The first class I ever taught was a ceramics class at a summer camp for children. I was 17 years old and had no previous experience teaching. My students were all very young and tiny, but what they lacked in size they made up for in number. I quickly lost control and humbly accepted my defeat from pint-sized pupils by letting chaos reign. My second teaching experience, Spanish Linguistics at the University of Georgia, faired a little better. But I still felt intimidated and overwhelmed; nervous that things would get out of hand or away from me. To maintain control, I implemented a fairly strict set of no-nonsense policies: no-late-work, and no-speaking-English-during-class, and no-asking-questions-that-could-be-answered-by-reading-the-syllabus-- to show I meant business.  

That did not go so great.  

I quickly learned that my students did not respond well to this approach at all. They felt intimidated and uncomfortable speaking in class. Participation and morale were incredibly low. So, I had to adjust. To find balance in having strong class management in place without being too authoritarian so that my students felt encouraged to participate. 

So how does one find this balance?  

  1. Be Yourself  

    When I first walked into a university classroom I had an image in my head of what a college professor SHOULD be like. I thought I was playing a role and in order to follow the script I had to be severe and serious. In reality, there is no script and there is more than one way to be a good teacher. Teaching style can and should be more of a reflection of an instructor’s personality.  If you’re not a terribly serious person, don’t try to stifle yourself to fit the “professor” image. A professional attitude is, of course, always necessary but let your personality traits and interests come through in your classroom. It will make the experience and you more approachable and authentic to your students. 
  2. Set Boundaries and Expectations (with Compassion)

    It is very important to set classroom expectations early on and to hold students accountable for meeting these expectations. It is also important to treat your students as individuals and to understand when exceptions need to be made. Each student has his/her own personal story, challenges, strengths, and learning preferences. These differences need to be considered and where appropriate be given a little leeway.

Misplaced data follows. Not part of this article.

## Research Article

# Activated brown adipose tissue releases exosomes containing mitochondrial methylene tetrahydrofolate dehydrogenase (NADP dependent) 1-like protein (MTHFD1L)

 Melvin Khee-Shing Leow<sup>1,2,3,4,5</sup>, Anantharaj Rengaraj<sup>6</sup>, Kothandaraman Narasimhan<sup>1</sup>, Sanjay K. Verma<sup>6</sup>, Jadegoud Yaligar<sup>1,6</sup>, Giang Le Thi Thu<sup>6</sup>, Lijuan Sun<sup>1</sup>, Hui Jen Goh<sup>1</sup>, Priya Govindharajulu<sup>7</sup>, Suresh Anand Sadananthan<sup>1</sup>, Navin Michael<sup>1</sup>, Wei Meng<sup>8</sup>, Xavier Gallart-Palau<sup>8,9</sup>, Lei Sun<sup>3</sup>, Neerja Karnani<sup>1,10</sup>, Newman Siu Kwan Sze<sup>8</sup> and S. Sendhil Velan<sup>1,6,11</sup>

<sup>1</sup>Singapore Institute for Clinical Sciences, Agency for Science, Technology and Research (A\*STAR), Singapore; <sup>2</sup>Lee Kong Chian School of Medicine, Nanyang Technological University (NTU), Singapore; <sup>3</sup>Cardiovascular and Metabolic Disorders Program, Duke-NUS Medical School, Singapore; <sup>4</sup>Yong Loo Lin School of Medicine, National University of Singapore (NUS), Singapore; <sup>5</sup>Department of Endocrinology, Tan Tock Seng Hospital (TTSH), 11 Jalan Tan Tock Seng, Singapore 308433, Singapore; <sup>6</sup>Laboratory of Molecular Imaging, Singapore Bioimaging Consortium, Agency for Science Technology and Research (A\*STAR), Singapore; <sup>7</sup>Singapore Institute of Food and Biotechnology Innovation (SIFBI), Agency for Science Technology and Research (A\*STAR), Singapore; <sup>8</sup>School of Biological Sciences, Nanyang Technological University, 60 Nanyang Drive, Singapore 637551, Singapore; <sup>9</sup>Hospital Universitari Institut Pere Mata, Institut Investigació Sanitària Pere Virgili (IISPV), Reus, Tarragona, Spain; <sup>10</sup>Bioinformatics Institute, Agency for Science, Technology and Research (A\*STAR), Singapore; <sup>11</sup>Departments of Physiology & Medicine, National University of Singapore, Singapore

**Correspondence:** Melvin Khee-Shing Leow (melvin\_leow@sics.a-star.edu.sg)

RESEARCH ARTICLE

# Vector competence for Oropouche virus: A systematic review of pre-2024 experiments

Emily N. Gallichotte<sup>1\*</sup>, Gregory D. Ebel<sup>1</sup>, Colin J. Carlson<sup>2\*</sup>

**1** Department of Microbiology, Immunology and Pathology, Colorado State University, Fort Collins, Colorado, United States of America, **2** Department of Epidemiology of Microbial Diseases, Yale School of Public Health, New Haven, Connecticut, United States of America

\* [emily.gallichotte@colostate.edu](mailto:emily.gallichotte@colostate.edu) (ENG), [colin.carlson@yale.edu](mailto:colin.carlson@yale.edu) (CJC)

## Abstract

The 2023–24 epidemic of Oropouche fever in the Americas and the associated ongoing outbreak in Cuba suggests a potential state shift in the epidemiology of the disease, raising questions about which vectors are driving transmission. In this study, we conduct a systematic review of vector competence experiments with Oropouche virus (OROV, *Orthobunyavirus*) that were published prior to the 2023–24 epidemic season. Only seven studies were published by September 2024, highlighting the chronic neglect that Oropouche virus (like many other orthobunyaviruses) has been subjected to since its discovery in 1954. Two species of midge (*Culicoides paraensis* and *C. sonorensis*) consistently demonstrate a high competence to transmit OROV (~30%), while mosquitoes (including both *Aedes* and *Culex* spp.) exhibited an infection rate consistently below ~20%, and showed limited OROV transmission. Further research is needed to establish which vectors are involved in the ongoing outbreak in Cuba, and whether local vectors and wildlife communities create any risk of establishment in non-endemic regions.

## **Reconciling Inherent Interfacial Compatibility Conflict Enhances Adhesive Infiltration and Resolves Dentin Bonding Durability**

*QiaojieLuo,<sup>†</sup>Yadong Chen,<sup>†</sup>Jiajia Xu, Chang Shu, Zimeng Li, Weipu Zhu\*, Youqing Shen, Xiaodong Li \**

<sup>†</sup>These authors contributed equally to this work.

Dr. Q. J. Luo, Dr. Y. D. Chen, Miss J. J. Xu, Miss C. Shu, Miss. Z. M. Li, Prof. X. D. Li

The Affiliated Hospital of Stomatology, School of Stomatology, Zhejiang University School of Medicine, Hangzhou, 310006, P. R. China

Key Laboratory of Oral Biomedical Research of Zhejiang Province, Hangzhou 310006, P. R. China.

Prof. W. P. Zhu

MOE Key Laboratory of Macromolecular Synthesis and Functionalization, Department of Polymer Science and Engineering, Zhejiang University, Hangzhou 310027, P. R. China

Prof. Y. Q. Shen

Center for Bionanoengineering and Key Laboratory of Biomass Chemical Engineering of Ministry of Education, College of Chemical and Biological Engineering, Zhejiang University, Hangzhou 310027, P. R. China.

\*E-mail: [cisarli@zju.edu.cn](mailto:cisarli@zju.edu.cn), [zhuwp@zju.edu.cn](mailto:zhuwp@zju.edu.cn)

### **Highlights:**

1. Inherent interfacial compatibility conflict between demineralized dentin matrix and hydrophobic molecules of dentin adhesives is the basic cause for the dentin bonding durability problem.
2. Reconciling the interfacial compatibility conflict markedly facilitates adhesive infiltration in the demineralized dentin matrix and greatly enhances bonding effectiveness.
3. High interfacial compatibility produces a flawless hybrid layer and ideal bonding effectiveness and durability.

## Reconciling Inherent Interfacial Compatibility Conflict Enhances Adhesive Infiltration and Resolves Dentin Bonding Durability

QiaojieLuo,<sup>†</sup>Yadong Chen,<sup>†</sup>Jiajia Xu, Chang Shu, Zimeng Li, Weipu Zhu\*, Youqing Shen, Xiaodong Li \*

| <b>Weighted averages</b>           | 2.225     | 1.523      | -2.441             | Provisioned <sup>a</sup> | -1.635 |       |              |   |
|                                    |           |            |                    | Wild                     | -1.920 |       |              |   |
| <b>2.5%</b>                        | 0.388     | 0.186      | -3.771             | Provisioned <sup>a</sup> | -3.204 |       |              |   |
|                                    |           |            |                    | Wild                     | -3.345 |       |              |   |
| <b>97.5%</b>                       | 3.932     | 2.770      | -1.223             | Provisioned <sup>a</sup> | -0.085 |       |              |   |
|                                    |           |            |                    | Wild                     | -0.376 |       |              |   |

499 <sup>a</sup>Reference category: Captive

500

When I first began teaching I feared that if I was too nice my students might take advantage of me and my kindness. I thought that in order to avoid “spoon feeding” my students throughout their academic careers I had to be harsh and uncompromising. Treating students as human beings who deserve respect and compassion, however, has been a far more effective strategy to ensure their efforts in my class. Giving respect and treating them like capable adults only causes them to respect ME more. And when students respect their teacher, they are more likely to care about the subject they are there to learn.
  3. Get to Know Your Students & Allow Them to Get to Know You

    It is also important to show your students that YOU are a human being. At first, I thought sharing anything personal with my students would somehow make me lose authority or at the very least would distract them from the subject at hand. However, as I became more comfortable in the classroom I began to share my personal experiences of travel and foreign language learning with my students. I quickly learned that this made the subject material more interesting and relatable. When I tell my students about my family and my hobbies, they become more interested in engaging with me, which only increases their comfort level and participation in the classroom.
  4. Don’t be so Teacher-Centric

    Let go of the need to always be the person at the front and center of the classroom. I know, we’re professors, it’s hard! But we don’t always have to be 100% in charge of what happens. Acknowledging that my students are capable of directing their own learning makes the class feel more like a collaborative group experience, as opposed to a teacher-focused lecture hall. This makes students feel more relaxed and improves the class experience.   

Remember, there are a lot of great ways to connect with your students. Managing a classroom is a little bit art and a little bit science; you have to implement and adjust as it makes sense for you and your students. Just keep in mind that balance between policies and students is often the key to creating a happy, cohesive classroom.